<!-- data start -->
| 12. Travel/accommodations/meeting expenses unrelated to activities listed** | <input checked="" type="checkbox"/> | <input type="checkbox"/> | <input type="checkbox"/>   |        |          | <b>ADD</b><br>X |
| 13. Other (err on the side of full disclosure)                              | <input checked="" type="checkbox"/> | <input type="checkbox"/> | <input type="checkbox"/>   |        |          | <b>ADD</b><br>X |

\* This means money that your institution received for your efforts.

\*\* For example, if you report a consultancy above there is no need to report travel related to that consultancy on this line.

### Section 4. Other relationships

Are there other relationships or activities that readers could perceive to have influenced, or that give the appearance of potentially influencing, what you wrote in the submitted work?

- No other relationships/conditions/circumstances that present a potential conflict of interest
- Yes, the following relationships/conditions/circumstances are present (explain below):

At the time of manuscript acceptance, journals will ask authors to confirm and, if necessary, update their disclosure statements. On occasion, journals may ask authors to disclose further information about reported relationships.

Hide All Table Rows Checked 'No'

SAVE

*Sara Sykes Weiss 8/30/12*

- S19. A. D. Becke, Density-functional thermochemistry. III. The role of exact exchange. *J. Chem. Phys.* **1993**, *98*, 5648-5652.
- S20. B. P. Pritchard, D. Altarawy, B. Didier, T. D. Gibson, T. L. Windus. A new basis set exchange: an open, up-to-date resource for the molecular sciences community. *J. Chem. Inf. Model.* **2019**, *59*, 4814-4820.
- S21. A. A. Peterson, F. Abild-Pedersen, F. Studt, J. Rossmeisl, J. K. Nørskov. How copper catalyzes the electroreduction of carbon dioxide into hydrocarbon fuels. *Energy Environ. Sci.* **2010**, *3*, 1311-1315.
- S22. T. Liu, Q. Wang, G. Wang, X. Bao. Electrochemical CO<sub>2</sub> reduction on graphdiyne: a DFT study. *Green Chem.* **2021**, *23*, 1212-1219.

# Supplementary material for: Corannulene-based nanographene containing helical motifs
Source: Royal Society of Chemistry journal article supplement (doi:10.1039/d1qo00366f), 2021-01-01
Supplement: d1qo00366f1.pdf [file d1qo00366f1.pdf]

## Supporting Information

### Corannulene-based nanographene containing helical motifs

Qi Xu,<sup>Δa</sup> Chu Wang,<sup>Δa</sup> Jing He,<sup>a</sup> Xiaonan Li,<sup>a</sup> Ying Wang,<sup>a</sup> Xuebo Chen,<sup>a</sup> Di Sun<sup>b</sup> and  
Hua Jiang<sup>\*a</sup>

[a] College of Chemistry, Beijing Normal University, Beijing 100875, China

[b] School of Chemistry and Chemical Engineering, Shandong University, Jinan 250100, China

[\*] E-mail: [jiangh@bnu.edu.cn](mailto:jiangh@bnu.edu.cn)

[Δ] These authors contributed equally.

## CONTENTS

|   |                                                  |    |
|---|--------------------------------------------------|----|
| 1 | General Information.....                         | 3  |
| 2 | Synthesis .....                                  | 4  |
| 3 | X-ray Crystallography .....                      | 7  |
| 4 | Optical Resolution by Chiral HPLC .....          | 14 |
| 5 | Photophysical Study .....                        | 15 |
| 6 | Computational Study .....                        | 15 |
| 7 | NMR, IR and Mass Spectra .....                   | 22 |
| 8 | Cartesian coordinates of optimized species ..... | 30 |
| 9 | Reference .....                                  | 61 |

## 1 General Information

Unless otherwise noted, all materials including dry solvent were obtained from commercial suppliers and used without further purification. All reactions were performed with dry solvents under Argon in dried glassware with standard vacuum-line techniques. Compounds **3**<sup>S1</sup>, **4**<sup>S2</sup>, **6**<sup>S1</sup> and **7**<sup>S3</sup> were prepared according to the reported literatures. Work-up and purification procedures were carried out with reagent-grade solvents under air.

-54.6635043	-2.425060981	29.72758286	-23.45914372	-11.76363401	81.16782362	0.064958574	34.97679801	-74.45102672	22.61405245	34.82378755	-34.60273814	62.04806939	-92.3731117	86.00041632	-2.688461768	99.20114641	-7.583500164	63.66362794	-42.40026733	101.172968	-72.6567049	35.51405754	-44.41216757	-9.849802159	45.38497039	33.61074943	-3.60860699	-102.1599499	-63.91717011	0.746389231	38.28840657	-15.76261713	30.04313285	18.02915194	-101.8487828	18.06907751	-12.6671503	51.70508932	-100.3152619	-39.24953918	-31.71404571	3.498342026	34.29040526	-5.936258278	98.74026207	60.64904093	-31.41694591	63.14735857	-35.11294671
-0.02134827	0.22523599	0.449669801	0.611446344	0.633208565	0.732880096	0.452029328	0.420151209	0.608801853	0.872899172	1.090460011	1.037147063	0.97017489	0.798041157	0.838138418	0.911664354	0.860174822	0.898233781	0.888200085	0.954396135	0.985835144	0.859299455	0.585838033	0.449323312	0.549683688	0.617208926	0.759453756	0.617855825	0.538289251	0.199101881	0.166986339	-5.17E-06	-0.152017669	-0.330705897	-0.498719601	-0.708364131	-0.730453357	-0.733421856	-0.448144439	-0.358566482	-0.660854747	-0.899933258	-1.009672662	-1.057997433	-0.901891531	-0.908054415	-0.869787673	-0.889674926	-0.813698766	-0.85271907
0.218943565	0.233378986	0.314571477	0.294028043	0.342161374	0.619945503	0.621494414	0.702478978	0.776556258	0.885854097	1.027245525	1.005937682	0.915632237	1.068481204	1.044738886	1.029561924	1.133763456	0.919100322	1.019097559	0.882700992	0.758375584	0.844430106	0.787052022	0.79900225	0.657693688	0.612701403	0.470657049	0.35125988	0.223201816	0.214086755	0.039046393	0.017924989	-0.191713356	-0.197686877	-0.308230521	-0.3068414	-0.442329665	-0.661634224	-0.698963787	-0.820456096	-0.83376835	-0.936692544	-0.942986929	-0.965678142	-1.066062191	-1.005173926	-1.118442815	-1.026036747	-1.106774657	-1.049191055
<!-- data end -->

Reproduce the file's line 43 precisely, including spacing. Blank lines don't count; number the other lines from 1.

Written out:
-0.02134827	0.22523599	0.449669801	0.611446344	0.633208565	0.732880096	0.452029328	0.420151209	0.608801853	0.872899172	1.090460011	1.037147063	0.97017489	0.798041157	0.838138418	0.911664354	0.860174822	0.898233781	0.888200085	0.954396135	0.985835144	0.859299455	0.585838033	0.449323312	0.549683688	0.617208926	0.759453756	0.617855825	0.538289251	0.199101881	0.166986339	-5.17E-06	-0.152017669	-0.330705897	-0.498719601	-0.708364131	-0.730453357	-0.733421856	-0.448144439	-0.358566482	-0.660854747	-0.899933258	-1.009672662	-1.057997433	-0.901891531	-0.908054415	-0.869787673	-0.889674926	-0.813698766	-0.85271907